- Use a pH monitor to check your soil, or take it to your local nursery for analysis. Strawberries prefer growing in soil that’s between 5.5 and 7. It’s critical to ensure that you make your soil amendments to adjust the pH before you start planting.
- If your soil is naturally alkaline, then you might get better results growing your strawberry plants in barrels or planters where you can control the soil pH conditions throughout the growing season.
Barrels and half-barrel growing systems are the ideal choices for greenhouse gardeners that want to maximize their crop yield while minimizing greenhouse floor space taken by the crop.
The most crucial part of preparing your planting site is ensuring that you have adequate drainage in the soil. Your strawberry plant doesn’t like to get its “feet wet,” and wet roots can lead to the development of root rot.
For best results, practice seasonal crop rotation if you’re planting in the ground. Don’t plant your strawberries in locations previously used for growing peppers, tomatoes, or eggplant.
Planting Your Strawberries
For best results with your strawberry plants, make sure you plant them at least 20-inches apart. Leave four-feet between rows to provide enough space for the runners. Strawberry plants like to sprawl during the growing season, and the seedlings send out runners that also produce more runners.
Before planting your strawberry, make sure that you trim the roots back to 8-inches in length. When digging the hole, make sure it’s deep and wide enough to cover the entire root system without bending the roots. However, it’s critical not to plant too deep that you cover the crown.
Leave the crown uncovered at the surface of the soil. If you plant over the crown, it results in the rotting of the plant. After planting, make sure you water the strawberry bush thoroughly to minimize transplant shock.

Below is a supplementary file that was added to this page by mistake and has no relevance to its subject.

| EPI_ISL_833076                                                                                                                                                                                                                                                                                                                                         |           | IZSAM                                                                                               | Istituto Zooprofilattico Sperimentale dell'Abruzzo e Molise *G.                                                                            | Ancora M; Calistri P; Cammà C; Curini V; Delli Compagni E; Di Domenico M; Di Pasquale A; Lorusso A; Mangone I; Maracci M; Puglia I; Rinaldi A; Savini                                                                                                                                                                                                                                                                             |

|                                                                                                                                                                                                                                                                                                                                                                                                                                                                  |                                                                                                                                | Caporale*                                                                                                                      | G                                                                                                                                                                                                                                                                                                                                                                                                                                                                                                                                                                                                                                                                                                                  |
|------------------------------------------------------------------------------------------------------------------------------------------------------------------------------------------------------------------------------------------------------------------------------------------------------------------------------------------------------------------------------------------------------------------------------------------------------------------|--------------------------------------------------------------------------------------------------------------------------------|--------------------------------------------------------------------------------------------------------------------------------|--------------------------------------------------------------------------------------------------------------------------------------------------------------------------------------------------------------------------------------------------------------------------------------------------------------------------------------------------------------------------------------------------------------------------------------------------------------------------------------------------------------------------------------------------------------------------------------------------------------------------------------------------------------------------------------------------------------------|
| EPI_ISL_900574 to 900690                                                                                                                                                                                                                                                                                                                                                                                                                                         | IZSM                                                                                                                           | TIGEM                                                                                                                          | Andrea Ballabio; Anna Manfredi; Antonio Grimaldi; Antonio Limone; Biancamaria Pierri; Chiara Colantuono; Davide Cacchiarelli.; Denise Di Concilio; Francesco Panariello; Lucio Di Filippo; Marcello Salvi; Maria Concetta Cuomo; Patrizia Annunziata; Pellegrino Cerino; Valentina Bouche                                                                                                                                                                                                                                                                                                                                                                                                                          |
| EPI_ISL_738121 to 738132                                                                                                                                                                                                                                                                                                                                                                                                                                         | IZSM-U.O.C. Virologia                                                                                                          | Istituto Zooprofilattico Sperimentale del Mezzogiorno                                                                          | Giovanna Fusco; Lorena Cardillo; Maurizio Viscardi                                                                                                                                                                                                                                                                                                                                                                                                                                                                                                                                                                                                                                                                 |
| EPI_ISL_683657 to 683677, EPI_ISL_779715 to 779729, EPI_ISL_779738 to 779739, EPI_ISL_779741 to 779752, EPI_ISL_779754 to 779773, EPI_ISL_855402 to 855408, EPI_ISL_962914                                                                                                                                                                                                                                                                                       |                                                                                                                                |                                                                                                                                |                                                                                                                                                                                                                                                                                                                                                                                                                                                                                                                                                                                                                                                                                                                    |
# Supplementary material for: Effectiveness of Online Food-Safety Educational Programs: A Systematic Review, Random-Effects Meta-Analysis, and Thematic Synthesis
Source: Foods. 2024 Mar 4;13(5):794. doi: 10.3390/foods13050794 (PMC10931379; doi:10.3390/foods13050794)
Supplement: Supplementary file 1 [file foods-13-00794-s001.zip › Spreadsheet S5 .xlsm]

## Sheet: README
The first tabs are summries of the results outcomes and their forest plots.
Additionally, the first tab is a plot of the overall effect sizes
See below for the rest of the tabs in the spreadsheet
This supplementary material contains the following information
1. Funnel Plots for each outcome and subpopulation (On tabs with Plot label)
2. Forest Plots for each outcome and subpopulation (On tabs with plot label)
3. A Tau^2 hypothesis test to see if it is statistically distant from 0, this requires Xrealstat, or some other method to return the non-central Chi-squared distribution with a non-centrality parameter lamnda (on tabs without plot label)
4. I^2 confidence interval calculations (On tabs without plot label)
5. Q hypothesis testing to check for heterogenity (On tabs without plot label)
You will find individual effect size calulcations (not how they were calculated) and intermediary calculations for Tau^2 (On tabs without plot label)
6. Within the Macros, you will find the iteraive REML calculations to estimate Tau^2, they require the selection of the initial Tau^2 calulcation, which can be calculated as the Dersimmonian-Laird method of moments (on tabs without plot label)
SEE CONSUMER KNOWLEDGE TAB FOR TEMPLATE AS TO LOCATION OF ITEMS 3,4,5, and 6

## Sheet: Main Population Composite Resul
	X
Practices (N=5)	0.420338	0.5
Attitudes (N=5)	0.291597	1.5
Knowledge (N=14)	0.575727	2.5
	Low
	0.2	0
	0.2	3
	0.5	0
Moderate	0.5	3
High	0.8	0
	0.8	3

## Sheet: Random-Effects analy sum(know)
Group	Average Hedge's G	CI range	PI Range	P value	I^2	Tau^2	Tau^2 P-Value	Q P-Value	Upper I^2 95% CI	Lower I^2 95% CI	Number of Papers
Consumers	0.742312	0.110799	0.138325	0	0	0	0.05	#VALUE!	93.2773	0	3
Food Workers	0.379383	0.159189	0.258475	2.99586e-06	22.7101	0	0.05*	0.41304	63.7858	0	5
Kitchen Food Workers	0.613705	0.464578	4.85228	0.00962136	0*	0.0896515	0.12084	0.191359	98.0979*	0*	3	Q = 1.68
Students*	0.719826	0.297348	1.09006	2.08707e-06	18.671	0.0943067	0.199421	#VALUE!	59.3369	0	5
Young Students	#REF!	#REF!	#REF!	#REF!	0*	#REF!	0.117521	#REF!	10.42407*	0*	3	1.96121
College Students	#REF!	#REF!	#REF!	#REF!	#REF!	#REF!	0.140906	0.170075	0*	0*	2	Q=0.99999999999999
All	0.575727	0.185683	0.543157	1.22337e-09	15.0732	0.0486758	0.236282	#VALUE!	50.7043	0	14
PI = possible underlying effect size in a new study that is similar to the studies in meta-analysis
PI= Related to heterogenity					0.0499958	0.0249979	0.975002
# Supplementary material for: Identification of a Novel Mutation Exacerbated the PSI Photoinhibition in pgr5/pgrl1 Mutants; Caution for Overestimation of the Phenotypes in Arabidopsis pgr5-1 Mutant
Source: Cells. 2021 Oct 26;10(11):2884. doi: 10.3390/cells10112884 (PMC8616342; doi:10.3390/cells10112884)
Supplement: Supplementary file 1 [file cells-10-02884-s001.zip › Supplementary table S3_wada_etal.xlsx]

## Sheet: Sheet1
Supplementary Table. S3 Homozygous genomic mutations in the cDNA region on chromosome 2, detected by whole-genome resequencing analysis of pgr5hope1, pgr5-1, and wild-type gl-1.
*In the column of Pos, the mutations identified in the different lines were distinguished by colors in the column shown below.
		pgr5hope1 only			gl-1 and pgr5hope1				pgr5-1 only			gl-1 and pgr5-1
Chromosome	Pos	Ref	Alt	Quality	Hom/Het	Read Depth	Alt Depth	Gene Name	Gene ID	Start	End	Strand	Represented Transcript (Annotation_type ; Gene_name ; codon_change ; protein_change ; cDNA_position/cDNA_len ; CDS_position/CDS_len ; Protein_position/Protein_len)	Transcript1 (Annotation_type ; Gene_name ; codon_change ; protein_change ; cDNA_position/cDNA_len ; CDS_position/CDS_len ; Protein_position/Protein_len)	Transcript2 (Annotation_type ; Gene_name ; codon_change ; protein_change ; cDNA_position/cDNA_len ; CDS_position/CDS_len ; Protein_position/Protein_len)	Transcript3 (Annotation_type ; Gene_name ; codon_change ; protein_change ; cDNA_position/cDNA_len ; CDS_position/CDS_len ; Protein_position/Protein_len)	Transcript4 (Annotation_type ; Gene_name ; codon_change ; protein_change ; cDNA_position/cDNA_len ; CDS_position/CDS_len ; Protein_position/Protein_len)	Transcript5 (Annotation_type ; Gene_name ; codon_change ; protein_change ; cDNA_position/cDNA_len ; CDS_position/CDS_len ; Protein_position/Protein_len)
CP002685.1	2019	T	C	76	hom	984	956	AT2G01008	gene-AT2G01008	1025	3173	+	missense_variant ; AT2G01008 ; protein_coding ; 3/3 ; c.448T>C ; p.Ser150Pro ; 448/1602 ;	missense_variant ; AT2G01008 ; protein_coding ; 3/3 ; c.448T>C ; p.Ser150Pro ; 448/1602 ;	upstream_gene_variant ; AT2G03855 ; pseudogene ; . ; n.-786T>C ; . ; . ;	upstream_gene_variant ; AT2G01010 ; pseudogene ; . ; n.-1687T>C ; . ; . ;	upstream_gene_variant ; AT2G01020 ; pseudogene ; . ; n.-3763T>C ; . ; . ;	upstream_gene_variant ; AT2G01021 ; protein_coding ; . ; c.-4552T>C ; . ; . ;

Caring for Your Strawberries
During the early summer, mulch around the base of the plant using a premium quality fertilizer. Pull all weeds and be diligent about weeding your garden through the season. Water your plants three times a week, for a total of 1-inch.
When the plant starts producing runners, it requires more watering, so up your watering schedule when the first runners start appearing. Use general fertilizer at the beginning of the summer to bolster growth and increase fruiting.
In warm climates, your strawberry plant will start producing berries 30-days after fertilizing the blossoms. In the first year, we recommend that you pick off the blooms to prevent the plant from fruiting. The first season with your plant produces under-ripe berries that don’t taste great. However, successive seasons will produce ripe and tasty berries.
Overwintering Your Strawberries
Strawberry plants are perennial, meaning that they live for multiple seasons. Strawberries handler to colder months of the year quite well. With the right preparation before the cold weather sets in, you can successfully overwinter your strawberry plants.
If you live in a region of the United States that has mild winters, then you won’t have to worry about any wintertime preparations. The plants will survive with minimal water until the spring; however, if you live in a climate where the temperatures fall below the 20°F.
Make sure you mulch over the plant during the start of winter. If you experience snow, cover the plant with burlap. The mulch will help to retain moisture in the soil over the winter without freezing the root system. You don’t need to water the plant over the winter. Remove the burlap and mulch after the last frosts fall in your region.
Common Pests and Diseases Affecting Strawberries
Strawberries are sweet and tasty, and there are plenty of pests that agree with you. Some of the common pests affecting strawberry plants include Japanese beetles and spider mite, as well as slugs. If you notice the signs of leaves wilting on your plants, you could be dealing with any of these pests. Use an organic pesticide to bring your plants back to health.
Diseases affecting strawberry plants include gray mold and powdery mildew. Wedding your beds and using a gritty-style mulch can help to deter pests like slugs. Pureed garlic mixed with neem oil is an excellent organic pesticide. If birds start eating your berries, cover them with a shade cloth frame.
Tips for Harvesting Strawberries
Your strawberries are ready for harvest around 4 to 6-weeks after blossoming. Only harvest the ripe berries, and pick your strawberry pant every third day during the fruiting season. Make sure that you cut the berry on the stem, pulling the berry from the could damage your plant. If you’re growing a June-bearing variety, then the harvest will extend for three weeks.
Tips for Storing Strawberries
After picking your berries, leave them unwashed in the refrigerator for three to five days. If you have more berries than you can eat, then store them in an airtight bag in the freezer for up to 3-months.